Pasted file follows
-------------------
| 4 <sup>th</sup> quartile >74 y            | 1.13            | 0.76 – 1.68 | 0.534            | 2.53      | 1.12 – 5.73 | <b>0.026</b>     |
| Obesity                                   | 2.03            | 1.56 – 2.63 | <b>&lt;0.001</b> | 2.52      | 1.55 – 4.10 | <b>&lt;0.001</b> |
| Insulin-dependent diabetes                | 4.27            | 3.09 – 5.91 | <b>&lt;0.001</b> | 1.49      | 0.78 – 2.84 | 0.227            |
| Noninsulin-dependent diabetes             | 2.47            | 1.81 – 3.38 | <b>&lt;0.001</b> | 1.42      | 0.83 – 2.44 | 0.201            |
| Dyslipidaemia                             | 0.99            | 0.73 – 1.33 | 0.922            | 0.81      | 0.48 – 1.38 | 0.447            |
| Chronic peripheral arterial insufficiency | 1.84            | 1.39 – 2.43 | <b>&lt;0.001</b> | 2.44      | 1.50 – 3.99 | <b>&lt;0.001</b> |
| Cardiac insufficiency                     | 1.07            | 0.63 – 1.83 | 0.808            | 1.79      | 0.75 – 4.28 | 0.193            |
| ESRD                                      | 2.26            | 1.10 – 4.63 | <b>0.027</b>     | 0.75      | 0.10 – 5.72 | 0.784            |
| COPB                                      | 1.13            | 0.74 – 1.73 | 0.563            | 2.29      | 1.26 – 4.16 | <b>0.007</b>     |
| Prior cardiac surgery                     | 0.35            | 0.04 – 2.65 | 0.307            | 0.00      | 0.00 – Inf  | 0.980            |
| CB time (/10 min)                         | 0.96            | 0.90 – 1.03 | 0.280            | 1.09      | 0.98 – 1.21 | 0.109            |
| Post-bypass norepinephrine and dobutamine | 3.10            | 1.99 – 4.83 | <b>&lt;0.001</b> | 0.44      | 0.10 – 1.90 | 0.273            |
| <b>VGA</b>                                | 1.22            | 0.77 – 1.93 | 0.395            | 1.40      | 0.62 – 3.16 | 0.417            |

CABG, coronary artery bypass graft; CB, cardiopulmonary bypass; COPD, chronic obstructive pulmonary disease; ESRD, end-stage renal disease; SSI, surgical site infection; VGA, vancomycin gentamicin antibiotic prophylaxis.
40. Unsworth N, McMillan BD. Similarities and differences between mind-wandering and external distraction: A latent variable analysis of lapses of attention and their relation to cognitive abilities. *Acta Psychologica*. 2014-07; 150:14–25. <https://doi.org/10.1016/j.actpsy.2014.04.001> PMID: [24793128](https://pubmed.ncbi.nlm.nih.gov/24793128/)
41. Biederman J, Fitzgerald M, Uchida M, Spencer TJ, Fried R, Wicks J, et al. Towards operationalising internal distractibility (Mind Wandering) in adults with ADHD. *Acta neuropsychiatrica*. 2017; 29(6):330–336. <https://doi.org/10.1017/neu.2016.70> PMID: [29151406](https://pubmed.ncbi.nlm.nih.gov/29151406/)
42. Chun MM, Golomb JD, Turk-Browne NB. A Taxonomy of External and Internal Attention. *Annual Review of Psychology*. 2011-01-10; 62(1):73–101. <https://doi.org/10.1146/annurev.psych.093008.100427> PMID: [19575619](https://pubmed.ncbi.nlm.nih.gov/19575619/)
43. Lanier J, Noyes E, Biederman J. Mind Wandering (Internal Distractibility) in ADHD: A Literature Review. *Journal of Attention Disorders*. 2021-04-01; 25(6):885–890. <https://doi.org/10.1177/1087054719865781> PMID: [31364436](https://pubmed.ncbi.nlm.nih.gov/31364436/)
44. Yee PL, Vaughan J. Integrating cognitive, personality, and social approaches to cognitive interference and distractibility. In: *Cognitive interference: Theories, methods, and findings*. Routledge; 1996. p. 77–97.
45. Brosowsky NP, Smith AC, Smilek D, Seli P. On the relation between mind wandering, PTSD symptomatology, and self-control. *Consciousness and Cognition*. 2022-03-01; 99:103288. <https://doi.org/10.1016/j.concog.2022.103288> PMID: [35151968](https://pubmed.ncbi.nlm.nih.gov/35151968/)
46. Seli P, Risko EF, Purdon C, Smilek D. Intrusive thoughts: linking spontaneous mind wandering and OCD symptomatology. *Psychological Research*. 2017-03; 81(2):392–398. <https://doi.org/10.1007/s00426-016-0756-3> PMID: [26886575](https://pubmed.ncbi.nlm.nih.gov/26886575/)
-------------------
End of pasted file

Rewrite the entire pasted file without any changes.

| 4 <sup>th</sup> quartile >74 y            | 1.13            | 0.76 – 1.68 | 0.534            | 2.53      | 1.12 – 5.73 | <b>0.026</b>     |
| Obesity                                   | 2.03            | 1.56 – 2.63 | <b>&lt;0.001</b> | 2.52      | 1.55 – 4.10 | <b>&lt;0.001</b> |
| Insulin-dependent diabetes                | 4.27            | 3.09 – 5.91 | <b>&lt;0.001</b> | 1.49      | 0.78 – 2.84 | 0.227            |
| Noninsulin-dependent diabetes             | 2.47            | 1.81 – 3.38 | <b>&lt;0.001</b> | 1.42      | 0.83 – 2.44 | 0.201            |
| Dyslipidaemia                             | 0.99            | 0.73 – 1.33 | 0.922            | 0.81      | 0.48 – 1.38 | 0.447            |
| Chronic peripheral arterial insufficiency | 1.84            | 1.39 – 2.43 | <b>&lt;0.001</b> | 2.44      | 1.50 – 3.99 | <b>&lt;0.001</b> |
| Cardiac insufficiency                     | 1.07            | 0.63 – 1.83 | 0.808            | 1.79      | 0.75 – 4.28 | 0.193            |
| ESRD                                      | 2.26            | 1.10 – 4.63 | <b>0.027</b>     | 0.75      | 0.10 – 5.72 | 0.784            |
| COPB                                      | 1.13            | 0.74 – 1.73 | 0.563            | 2.29      | 1.26 – 4.16 | <b>0.007</b>     |
| Prior cardiac surgery                     | 0.35            | 0.04 – 2.65 | 0.307            | 0.00      | 0.00 – Inf  | 0.980            |
| CB time (/10 min)                         | 0.96            | 0.90 – 1.03 | 0.280            | 1.09      | 0.98 – 1.21 | 0.109            |
| Post-bypass norepinephrine and dobutamine | 3.10            | 1.99 – 4.83 | <b>&lt;0.001</b> | 0.44      | 0.10 – 1.90 | 0.273            |
| <b>VGA</b>                                | 1.22            | 0.77 – 1.93 | 0.395            | 1.40      | 0.62 – 3.16 | 0.417            |

CABG, coronary artery bypass graft; CB, cardiopulmonary bypass; COPD, chronic obstructive pulmonary disease; ESRD, end-stage renal disease; SSI, surgical site infection; VGA, vancomycin gentamicin antibiotic prophylaxis.
40. Unsworth N, McMillan BD. Similarities and differences between mind-wandering and external distraction: A latent variable analysis of lapses of attention and their relation to cognitive abilities. *Acta Psychologica*. 2014-07; 150:14–25. <https://doi.org/10.1016/j.actpsy.2014.04.001> PMID: [24793128](https://pubmed.ncbi.nlm.nih.gov/24793128/)
41. Biederman J, Fitzgerald M, Uchida M, Spencer TJ, Fried R, Wicks J, et al. Towards operationalising internal distractibility (Mind Wandering) in adults with ADHD. *Acta neuropsychiatrica*. 2017; 29(6):330–336. <https://doi.org/10.1017/neu.2016.70> PMID: [29151406](https://pubmed.ncbi.nlm.nih.gov/29151406/)
42. Chun MM, Golomb JD, Turk-Browne NB. A Taxonomy of External and Internal Attention. *Annual Review of Psychology*. 2011-01-10; 62(1):73–101. <https://doi.org/10.1146/annurev.psych.093008.100427> PMID: [19575619](https://pubmed.ncbi.nlm.nih.gov/19575619/)
43. Lanier J, Noyes E, Biederman J. Mind Wandering (Internal Distractibility) in ADHD: A Literature Review. *Journal of Attention Disorders*. 2021-04-01; 25(6):885–890. <https://doi.org/10.1177/1087054719865781> PMID: [31364436](https://pubmed.ncbi.nlm.nih.gov/31364436/)
44. Yee PL, Vaughan J. Integrating cognitive, personality, and social approaches to cognitive interference and distractibility. In: *Cognitive interference: Theories, methods, and findings*. Routledge; 1996. p. 77–97.
45. Brosowsky NP, Smith AC, Smilek D, Seli P. On the relation between mind wandering, PTSD symptomatology, and self-control. *Consciousness and Cognition*. 2022-03-01; 99:103288. <https://doi.org/10.1016/j.concog.2022.103288> PMID: [35151968](https://pubmed.ncbi.nlm.nih.gov/35151968/)
46. Seli P, Risko EF, Purdon C, Smilek D. Intrusive thoughts: linking spontaneous mind wandering and OCD symptomatology. *Psychological Research*. 2017-03; 81(2):392–398. <https://doi.org/10.1007/s00426-016-0756-3> PMID: [26886575](https://pubmed.ncbi.nlm.nih.gov/26886575/)